Brought to you by OBS reviewer Vicki.
- Be sure to read our review for “Tales the Wind Told Me” here at OBS!
- Don’t forget to follow author Rachel on twitter!
Rachel Eliason: Non-writers are always asking “Where do you stories ideas come from?” As a creative person I am often flustered by this question. Where don’t story ideas come from? Ray Bradbury in Zen and the art of writing compares ideas to the flecks of dust that get trapped in your eyes. Normally you look right through them, but the second you relax your vision you can see dozens of them swimming in your vision.
Most of these stories were written about ten years ago. At the time I was living on a small acreage about forty miles from the nearest city and seven from the nearest town. It was a great place to just walk and think, to let my mind roam. Often I would start daydreaming and by the time I got home from a walk I would have a fully developed story idea.
I lost that acreage in my divorce. Then through a series of events, I got it back. I had continued to write, but in different directions. I had a monthly column in a local LGBT paper Accessline Iowa. I was working on a young adult novel. The acreage had been abandoned for several years in the meantime and I hadn’t even thought about most of these stories in all that time. When I first went back to the acreage I found a box of old writing, journals and short stories. As I re-read them I found many of them were really good. (Many of them were also crap.) I felt like I should do something with them. This collection is that something.
As for the title, I struggled for a long time with it. It’s an eclectic collection. There isn’t a solid theme to hold everything together. In the end two ideas emerged that blended into Tales the Wind Told Me.
The theme that ties all these stories together is where I was when I wrote them. The defining feature of the rolling plains of Western Iowa is the wind. In the winter it howls down out of the north. In the summer it wafts up from the southwest. You can sit and watch storm fronts move in from miles away. People make fun of Iowans for always talking about the weather. But if you have never lived in a rural area you might not understand how the weather, the wind and the landscape for themselves on your attention, just as much as the traffic of New York or some other big city.
The second meaning behind Tales the Wind Told Me is that it is a nod towards my own style of creativity and my favorite book, the Finnish epic Kalevala. The Kalevala has a wonderfully descriptive opening section that talks about how the poet finds his stories in nature, “I ripped them from the heather…the trees added words…” This is very much how I feel about my stories. They were as much given to me by my surroundings as written by me.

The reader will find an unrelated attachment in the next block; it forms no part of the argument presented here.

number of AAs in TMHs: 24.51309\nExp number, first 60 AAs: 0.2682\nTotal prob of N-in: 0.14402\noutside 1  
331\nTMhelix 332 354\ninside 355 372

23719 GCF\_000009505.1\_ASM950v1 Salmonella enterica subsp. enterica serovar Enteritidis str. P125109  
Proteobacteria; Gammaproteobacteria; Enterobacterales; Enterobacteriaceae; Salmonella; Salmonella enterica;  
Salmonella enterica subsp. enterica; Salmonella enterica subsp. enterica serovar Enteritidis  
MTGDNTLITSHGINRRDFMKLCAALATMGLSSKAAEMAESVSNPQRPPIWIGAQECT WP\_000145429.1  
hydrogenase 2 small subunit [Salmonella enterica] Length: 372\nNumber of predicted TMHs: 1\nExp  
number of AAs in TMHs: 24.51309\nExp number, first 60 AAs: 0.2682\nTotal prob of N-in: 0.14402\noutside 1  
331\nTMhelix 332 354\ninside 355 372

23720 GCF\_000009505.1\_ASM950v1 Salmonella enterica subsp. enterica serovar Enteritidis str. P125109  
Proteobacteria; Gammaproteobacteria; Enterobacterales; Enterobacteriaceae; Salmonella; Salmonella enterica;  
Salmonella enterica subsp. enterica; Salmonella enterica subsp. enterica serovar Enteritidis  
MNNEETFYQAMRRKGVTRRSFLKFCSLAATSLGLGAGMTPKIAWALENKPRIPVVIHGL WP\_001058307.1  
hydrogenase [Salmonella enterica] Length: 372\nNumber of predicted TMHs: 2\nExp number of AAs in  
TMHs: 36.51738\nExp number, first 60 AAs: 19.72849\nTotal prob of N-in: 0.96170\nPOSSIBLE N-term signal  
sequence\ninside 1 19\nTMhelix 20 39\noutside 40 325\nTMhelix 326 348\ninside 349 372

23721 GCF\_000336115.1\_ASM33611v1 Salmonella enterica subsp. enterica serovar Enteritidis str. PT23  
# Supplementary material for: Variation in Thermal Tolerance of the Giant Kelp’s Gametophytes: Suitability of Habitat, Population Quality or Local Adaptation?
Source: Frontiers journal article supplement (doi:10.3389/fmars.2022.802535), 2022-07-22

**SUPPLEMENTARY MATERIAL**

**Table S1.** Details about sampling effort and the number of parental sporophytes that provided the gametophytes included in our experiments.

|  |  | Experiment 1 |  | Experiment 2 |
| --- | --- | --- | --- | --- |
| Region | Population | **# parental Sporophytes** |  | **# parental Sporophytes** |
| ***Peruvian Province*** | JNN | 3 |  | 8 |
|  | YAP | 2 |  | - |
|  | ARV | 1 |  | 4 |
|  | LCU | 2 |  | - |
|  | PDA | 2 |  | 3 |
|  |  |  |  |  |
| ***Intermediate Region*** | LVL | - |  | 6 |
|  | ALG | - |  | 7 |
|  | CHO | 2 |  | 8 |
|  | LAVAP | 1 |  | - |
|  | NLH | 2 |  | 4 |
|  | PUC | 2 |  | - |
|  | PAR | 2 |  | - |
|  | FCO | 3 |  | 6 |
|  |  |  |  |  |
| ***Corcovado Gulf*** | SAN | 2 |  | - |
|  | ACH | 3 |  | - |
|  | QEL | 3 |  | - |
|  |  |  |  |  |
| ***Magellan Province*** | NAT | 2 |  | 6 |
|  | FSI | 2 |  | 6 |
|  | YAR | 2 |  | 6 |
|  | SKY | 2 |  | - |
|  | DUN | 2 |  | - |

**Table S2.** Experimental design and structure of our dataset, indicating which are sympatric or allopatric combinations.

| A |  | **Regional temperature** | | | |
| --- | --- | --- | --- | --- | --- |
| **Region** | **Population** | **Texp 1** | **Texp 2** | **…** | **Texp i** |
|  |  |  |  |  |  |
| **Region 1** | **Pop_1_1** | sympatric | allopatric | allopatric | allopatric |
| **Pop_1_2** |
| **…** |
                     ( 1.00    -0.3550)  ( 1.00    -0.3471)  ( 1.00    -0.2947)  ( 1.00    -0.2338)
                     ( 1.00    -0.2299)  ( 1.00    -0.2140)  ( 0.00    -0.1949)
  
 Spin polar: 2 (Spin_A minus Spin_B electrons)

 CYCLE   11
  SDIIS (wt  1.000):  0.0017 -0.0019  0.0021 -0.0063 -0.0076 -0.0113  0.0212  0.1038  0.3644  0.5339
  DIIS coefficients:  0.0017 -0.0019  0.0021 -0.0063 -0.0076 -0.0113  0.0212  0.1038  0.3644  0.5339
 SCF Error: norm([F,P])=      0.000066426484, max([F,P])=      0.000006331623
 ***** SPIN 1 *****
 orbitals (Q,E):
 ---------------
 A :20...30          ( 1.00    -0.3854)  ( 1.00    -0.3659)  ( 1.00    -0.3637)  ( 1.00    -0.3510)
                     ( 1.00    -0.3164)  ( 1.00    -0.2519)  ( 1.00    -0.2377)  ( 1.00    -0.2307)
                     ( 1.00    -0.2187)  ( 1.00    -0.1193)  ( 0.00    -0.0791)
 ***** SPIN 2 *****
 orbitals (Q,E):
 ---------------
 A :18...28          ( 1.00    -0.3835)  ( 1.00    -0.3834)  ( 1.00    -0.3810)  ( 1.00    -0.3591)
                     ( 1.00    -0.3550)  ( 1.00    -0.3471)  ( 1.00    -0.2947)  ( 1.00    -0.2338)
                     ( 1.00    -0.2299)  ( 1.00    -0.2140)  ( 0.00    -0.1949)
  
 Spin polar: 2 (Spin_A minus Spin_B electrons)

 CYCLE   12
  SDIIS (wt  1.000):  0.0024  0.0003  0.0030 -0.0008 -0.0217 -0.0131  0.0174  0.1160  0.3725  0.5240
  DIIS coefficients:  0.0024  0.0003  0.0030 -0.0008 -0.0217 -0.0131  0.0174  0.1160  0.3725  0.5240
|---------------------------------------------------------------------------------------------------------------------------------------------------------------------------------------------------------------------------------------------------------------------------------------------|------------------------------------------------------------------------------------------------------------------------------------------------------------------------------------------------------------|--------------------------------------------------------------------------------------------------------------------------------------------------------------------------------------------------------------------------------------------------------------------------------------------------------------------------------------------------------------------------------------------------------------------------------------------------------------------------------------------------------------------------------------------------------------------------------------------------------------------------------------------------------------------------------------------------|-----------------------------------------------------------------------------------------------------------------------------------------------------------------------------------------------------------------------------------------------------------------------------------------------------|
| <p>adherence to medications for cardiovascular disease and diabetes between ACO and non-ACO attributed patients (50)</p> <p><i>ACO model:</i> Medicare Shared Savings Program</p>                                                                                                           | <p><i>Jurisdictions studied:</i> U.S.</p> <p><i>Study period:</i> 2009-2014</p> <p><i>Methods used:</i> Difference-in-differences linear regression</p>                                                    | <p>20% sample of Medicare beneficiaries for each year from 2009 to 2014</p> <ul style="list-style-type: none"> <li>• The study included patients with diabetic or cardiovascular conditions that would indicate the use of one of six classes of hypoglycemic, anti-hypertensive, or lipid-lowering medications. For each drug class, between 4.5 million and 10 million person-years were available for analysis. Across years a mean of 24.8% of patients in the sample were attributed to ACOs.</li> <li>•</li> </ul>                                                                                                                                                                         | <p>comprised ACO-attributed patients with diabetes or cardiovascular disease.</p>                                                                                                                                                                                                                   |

Vicki: I cannot express how much I enjoyed Gemone. I’ve read it a few times now. Your early reviews seem to favor this story in particular. Did you anticipate this reaction? Any plans to develop Gemone into a full-length novel? (I am not above begging!)
Rachel Eliason: It is interesting to me as a writer to see how people react to my work. There is a local bookstore owner that greets me every time I go in by telling me how much he loved FLM. He did not like Gemone. Some readers really like Sleeping Betty, some get down right angry at the ambiguous ending. It’s really hard to predict.
Early beta-readers and personal friends who gave me feedback didn’t care much for Gemone. It made me sad because it was one of my favorites to write. Now I have several written reviews under my belt and those readers love the story as much as I do.
There are two stories, Gemone and Sleeping Betty, that I am often told have enough material and depth to be full length novels. Looking at them with older and wiser eyes I agree. Will ever come back to them? I am not sure. Novels take a lot more time to write and ideas seem to overwhelm my brain at times. I have synopsis’s for nearly twenty novels and four in various draft stages. I don’t know how other writers manage to keep up with themselves.
Of the two stories I think it’s more likely I would decide to develop Gemone into a full blown novel, but no, there are no definitive plans.
Vicki: Do you have a favorite story amongst the collection?
Rachel Eliason: That depends heavily on my mood. FLM was one of my favorites to write, it was a lot of fun writing all the description, including description of inanimate objects, to express the notion of size and obesity. If I am re-reading if for some reason The Troll and the Maiden is a favorite of mine, along with Gemone and Dancing with Death. If I am giving a reading Dancing with Death and the Transgender Fable are the shortest (and fit time limits best) and seemed to be well received.
Vicki: What are the major challenges that authors are faced with when writing short stories?
Rachel Eliason: When I wrote these stories the biggest challenge was what to do with a short story. The days of print magazines that cater to short stores like Asimov’s science fiction seem to be numbered. In fact there were only two or three paying markets left when I was first trying to publish these short stories and intense competition from writers to break into those markets. In the book market short story collections have traditionally had weaker sales than novels.
The current epublishing revolution has the ability to change all that. There isn’t a set length for a novel/novella/short story in ebook form. I think that’s a good thing. Writers should write the story in front of them. They shouldn’t cut it down to fit some editor’s idea of short story length and they shouldn’t pad it out to be a novel. Writers should simply focus on being the best story teller they can. Artificial constraints like it should be 60,000 words long to be a novel need to be dropped from our thinking.